Culture Magazine

Burkini Memo to French Mayors: Would You Also Ban My Aunts for Being Nuns?

By Colin Randall @salutsunderland


Burkini memo to French mayors: would you also ban my aunts for being nuns?



Maybe this is taking it a step too far. But then, several mayors and a prime minister I have hitherto respected, Manuel Valls, seem determined to make France a laughing stock. Let us be blunt: banning the burkini, burqini or body-covering swimsuit from French beaches, because it makes the wearer look like a terrorist or is somehow unhygienic, is on any analysis stupid. That is without even considering the Corsican louts who attack Muslims on the beach because of how they are dressed. They are just that, louts.

We must all be vigilant in troubled times, but is it strictly necessary, in the war on terror from within, to invent provocation? And here's a thing: I wonder how two of my late aunts, both nuns, might have fared in modern-day, intolerant France. One was a Protestant, the other a Catholic - would the latter have been treated in the street as if her appearance implied support for the Inquisition? ...


MARSEILLE // A French-Algerian entrepreneur and activist says he is prepared to pay the fine for any woman prosecuted for contravening French laws banning the burqini.

In his mission to defend what he calls a "fundamental democratic right", Rachid Nekkaz has struck the latest blow in what has become the battle of the beachwear.

It began with an arguably manufactured row over plans for a private pool party for Muslim women and has grown into what Mr Nekkaz says is a "dangerous cocktail" of intolerance and paranoia.

Mayors in several holiday locations have banned the wearing of full-bodied swim suits known as "burqinis", prompting fierce debate that threatens to make France’s unending struggle for social harmony tougher still.

David Lisnard, the mayor of one Riviera resort, Cannes, is under pressure to withdraw a comment, reported by a local newspaper on Thursday last week, that the burqini is "a uniform that is a symbol of Islamist extremism".

With those words, he deepened suspicion among some observers that certain French political figures are allowing understandable anxiety about terrorism to inspire irrational or oppressive responses.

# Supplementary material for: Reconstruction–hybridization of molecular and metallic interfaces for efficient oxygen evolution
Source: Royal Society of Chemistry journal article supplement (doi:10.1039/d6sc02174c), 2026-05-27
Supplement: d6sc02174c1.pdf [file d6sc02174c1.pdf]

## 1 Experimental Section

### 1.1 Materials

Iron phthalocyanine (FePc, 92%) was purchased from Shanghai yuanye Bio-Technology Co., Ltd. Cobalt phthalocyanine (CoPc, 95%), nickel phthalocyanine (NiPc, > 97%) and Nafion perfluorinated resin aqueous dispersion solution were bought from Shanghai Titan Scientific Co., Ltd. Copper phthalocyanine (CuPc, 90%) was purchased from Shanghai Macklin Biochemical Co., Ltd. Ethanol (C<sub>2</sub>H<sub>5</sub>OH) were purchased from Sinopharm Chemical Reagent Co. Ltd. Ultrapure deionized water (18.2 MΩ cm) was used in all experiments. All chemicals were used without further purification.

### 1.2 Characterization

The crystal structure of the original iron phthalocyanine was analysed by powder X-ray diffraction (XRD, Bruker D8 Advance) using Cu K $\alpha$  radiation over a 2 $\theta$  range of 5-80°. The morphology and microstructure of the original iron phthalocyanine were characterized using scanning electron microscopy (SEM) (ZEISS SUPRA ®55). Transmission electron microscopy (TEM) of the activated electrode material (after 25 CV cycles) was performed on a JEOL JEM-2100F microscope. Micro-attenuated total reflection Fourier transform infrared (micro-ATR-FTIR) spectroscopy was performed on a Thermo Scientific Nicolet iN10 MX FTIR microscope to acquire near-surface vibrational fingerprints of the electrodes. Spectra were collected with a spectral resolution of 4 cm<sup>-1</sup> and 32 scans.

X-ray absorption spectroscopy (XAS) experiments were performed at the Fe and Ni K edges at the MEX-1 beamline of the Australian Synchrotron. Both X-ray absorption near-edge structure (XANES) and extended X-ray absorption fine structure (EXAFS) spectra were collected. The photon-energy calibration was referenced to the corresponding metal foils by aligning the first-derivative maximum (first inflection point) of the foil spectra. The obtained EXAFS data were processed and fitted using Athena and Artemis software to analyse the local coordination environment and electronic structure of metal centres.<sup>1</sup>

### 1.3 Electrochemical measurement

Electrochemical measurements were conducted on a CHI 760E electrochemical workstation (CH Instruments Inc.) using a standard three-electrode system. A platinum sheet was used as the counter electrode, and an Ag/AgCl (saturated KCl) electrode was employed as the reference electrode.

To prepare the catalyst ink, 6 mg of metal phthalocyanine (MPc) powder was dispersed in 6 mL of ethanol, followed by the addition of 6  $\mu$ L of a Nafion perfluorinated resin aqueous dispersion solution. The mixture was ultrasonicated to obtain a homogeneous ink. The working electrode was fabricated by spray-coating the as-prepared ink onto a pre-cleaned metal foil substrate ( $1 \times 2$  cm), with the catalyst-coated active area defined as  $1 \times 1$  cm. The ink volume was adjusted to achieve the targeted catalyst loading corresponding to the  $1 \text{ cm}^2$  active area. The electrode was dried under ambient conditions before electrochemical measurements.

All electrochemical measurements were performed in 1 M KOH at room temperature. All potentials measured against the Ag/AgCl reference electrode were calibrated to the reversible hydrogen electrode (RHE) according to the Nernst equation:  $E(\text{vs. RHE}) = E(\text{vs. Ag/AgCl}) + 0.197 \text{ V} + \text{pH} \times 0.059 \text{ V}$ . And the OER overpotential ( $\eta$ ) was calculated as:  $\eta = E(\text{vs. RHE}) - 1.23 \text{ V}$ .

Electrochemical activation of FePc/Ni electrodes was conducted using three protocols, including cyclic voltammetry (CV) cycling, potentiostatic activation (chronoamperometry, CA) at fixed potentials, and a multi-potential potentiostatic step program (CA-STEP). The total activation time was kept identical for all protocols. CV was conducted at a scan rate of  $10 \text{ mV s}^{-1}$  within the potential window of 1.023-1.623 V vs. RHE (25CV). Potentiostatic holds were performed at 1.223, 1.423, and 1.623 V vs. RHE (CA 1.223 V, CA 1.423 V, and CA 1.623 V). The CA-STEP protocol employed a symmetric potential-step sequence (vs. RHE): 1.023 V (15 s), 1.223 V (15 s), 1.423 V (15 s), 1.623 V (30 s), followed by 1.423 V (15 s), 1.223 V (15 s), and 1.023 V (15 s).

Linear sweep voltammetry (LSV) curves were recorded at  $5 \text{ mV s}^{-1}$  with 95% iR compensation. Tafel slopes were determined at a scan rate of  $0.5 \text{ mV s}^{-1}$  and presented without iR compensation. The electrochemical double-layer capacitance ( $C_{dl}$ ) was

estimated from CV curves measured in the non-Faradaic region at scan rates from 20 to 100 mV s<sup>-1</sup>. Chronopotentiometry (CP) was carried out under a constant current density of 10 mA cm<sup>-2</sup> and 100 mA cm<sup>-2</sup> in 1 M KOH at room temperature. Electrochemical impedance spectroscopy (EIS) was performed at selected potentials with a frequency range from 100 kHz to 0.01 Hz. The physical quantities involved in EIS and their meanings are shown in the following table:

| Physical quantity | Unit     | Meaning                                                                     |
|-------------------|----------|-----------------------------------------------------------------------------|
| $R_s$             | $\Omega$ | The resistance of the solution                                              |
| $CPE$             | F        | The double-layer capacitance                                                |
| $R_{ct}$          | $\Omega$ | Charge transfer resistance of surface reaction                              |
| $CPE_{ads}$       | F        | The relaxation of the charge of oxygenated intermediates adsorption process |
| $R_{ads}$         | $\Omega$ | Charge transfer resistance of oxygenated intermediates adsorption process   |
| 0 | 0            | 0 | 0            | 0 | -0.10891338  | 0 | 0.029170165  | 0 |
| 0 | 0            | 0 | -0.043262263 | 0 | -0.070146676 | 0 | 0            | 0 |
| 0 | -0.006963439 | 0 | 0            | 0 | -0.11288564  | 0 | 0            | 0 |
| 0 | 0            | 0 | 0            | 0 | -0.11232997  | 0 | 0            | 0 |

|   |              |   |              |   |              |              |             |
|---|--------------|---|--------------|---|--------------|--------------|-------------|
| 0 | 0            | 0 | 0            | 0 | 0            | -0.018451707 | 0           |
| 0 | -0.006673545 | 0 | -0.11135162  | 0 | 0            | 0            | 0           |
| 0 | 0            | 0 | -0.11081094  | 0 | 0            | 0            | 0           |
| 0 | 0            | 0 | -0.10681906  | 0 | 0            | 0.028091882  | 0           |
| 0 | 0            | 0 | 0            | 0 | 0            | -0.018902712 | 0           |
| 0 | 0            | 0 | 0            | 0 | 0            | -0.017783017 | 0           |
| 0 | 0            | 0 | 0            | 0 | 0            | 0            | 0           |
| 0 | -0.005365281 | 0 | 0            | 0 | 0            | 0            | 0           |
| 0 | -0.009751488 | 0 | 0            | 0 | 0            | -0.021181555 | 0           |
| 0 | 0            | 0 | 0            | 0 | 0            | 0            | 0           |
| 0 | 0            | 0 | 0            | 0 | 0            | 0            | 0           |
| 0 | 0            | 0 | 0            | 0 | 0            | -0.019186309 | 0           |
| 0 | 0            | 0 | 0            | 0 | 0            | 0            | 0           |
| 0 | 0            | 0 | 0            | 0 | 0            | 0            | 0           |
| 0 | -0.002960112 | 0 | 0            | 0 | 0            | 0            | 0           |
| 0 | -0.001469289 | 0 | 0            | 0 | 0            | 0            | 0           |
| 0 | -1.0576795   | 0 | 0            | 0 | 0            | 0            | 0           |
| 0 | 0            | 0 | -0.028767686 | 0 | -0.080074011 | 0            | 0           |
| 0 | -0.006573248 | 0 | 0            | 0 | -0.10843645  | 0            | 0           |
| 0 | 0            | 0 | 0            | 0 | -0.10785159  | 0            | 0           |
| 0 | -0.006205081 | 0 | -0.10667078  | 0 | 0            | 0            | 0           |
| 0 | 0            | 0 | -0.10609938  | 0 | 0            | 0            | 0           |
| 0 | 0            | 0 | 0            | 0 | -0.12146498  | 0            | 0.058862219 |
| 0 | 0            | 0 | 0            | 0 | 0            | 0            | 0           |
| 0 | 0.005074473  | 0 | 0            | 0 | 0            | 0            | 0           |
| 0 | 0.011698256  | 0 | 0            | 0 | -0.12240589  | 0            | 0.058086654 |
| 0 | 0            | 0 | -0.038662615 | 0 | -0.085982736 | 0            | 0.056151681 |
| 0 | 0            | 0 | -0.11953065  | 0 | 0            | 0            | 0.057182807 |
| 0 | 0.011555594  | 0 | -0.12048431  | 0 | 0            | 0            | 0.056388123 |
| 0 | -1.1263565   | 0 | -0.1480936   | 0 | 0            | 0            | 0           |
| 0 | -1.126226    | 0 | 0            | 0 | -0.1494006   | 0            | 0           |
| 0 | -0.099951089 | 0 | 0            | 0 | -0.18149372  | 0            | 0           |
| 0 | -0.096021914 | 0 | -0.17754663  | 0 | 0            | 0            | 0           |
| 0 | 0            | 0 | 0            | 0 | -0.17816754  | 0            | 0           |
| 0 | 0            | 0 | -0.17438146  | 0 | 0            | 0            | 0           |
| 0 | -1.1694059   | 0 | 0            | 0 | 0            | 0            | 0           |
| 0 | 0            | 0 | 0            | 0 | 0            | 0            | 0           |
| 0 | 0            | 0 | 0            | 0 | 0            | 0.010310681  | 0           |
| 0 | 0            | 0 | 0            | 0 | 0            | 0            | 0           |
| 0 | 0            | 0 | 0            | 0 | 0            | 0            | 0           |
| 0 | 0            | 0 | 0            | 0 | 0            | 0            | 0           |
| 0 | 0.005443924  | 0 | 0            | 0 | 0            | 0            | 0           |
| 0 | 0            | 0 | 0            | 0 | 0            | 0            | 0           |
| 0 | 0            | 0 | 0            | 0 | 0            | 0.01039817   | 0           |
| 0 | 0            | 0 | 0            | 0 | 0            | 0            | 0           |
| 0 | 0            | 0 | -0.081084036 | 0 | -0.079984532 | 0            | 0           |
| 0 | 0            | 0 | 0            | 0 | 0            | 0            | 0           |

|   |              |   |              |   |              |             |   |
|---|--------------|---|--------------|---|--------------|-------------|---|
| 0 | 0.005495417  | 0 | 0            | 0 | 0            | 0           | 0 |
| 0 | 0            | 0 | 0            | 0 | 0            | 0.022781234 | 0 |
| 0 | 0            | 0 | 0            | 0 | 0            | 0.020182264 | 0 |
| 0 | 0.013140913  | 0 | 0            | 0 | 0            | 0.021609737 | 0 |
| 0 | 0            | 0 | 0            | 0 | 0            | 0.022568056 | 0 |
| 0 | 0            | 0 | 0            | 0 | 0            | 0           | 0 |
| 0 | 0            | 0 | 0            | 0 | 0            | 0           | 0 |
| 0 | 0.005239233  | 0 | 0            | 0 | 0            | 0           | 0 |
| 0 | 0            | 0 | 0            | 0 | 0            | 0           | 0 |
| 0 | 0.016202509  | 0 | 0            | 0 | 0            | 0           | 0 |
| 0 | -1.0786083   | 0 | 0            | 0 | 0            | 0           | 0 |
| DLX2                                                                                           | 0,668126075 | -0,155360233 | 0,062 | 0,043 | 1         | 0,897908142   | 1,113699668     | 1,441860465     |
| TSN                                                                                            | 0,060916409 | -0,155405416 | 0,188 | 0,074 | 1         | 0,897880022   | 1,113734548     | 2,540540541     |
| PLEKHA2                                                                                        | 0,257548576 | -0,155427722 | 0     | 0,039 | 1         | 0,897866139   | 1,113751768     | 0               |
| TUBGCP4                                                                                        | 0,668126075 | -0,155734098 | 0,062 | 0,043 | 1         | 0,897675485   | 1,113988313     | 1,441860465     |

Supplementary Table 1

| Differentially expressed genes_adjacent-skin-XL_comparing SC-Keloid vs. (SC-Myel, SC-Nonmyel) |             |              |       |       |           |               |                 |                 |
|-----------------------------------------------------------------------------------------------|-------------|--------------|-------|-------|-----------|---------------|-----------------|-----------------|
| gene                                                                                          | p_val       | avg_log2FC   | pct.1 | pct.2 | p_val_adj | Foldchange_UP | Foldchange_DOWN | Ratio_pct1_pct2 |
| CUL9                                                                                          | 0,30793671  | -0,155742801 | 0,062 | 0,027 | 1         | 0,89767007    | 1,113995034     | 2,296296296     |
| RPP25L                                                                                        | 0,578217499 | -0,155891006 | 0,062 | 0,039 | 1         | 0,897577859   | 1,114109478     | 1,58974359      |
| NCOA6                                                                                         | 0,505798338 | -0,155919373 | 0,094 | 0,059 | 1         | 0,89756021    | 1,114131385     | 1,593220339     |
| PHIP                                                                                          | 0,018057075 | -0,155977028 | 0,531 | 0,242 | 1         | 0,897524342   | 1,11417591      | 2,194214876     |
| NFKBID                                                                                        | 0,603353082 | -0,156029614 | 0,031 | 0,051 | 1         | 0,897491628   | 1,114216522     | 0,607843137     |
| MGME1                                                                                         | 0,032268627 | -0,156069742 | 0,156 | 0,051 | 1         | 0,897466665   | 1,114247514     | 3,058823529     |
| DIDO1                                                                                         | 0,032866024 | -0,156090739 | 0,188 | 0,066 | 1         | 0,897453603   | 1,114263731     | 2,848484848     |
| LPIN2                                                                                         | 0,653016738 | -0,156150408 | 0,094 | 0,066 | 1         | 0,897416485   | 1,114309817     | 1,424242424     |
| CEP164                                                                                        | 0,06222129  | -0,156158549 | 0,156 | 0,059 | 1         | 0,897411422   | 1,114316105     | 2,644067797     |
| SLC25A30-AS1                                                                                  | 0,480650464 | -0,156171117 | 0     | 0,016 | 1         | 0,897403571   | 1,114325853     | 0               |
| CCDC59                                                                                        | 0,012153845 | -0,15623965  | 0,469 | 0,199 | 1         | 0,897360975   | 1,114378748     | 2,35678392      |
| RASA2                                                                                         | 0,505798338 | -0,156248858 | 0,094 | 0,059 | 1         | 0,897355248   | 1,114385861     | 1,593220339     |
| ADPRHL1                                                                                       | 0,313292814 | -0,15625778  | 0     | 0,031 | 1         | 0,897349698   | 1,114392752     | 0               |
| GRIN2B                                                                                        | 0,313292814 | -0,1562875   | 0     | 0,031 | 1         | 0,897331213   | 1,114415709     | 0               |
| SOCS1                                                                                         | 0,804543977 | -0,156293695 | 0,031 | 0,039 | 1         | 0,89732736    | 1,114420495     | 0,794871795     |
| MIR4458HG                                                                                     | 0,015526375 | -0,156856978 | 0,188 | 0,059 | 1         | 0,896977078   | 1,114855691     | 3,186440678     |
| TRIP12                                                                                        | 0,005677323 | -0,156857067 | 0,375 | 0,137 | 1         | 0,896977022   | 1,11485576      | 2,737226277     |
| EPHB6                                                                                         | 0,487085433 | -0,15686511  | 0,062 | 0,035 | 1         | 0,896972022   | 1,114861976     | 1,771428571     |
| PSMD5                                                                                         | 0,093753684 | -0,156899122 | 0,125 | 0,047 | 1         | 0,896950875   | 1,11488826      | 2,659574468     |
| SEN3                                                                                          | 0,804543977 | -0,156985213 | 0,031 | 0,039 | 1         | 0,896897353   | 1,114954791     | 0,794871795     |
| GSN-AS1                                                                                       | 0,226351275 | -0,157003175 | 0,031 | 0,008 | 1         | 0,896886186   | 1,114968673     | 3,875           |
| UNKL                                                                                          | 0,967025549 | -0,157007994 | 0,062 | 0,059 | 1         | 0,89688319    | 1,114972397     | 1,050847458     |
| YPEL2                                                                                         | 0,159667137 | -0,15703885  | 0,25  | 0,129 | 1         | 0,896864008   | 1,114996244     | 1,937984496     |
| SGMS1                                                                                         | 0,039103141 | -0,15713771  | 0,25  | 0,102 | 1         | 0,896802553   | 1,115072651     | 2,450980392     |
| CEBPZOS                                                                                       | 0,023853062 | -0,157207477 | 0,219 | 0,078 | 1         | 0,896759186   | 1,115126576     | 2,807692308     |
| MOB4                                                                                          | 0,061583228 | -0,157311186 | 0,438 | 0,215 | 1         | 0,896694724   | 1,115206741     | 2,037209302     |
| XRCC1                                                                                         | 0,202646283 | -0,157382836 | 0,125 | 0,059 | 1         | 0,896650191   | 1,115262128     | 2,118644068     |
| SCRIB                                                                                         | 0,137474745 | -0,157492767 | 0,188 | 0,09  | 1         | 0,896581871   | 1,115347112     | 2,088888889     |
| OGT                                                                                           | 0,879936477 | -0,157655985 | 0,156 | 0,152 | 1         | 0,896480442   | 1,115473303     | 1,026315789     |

But on Wednesday Mr Lisnard’s position was given a boost when France’s socialist prime minister, Manuel Valls, said that he too supports the bans.

In an interview with La Provence newspaper, Mr Valls insisted the swimwear represented a "provocation" and an "archaic vision" that women are "immodest, impure and that they should therefore be totally covered."

"That is not compatible with the values of France," he added.

Disquiet at the preference of Muslim women for modesty on the beach has led to bans on the burqini not only in Cannes but in the nearby resort of Villeneuve-Loubet and the coastal village of Sisco on the Mediterranean island of Corsica, where violent clashes broke out on Sunday. The trouble apparently started when a young man started taking photographs of women in two family groups, though the full circumstances are unclear.

The present controversy over burqinis began earlier this month with hostile reaction to plans for a private pool party for Muslim women at the Speed Water Park in Pennes-Mirabeau, near Marseille.

Although the water park owners said only an inquiry was made, not a firm booking, they finally agreed with the mayor, Michel Amiel, not to allow the event. The organisers had received abuse and death threats on social media.

Mr Amiel said he utterly condemned such reactions as "completely outrageous, Islamophobic, xenophobic, racist" but insisted that "given the circumstances, appeasement was necessary".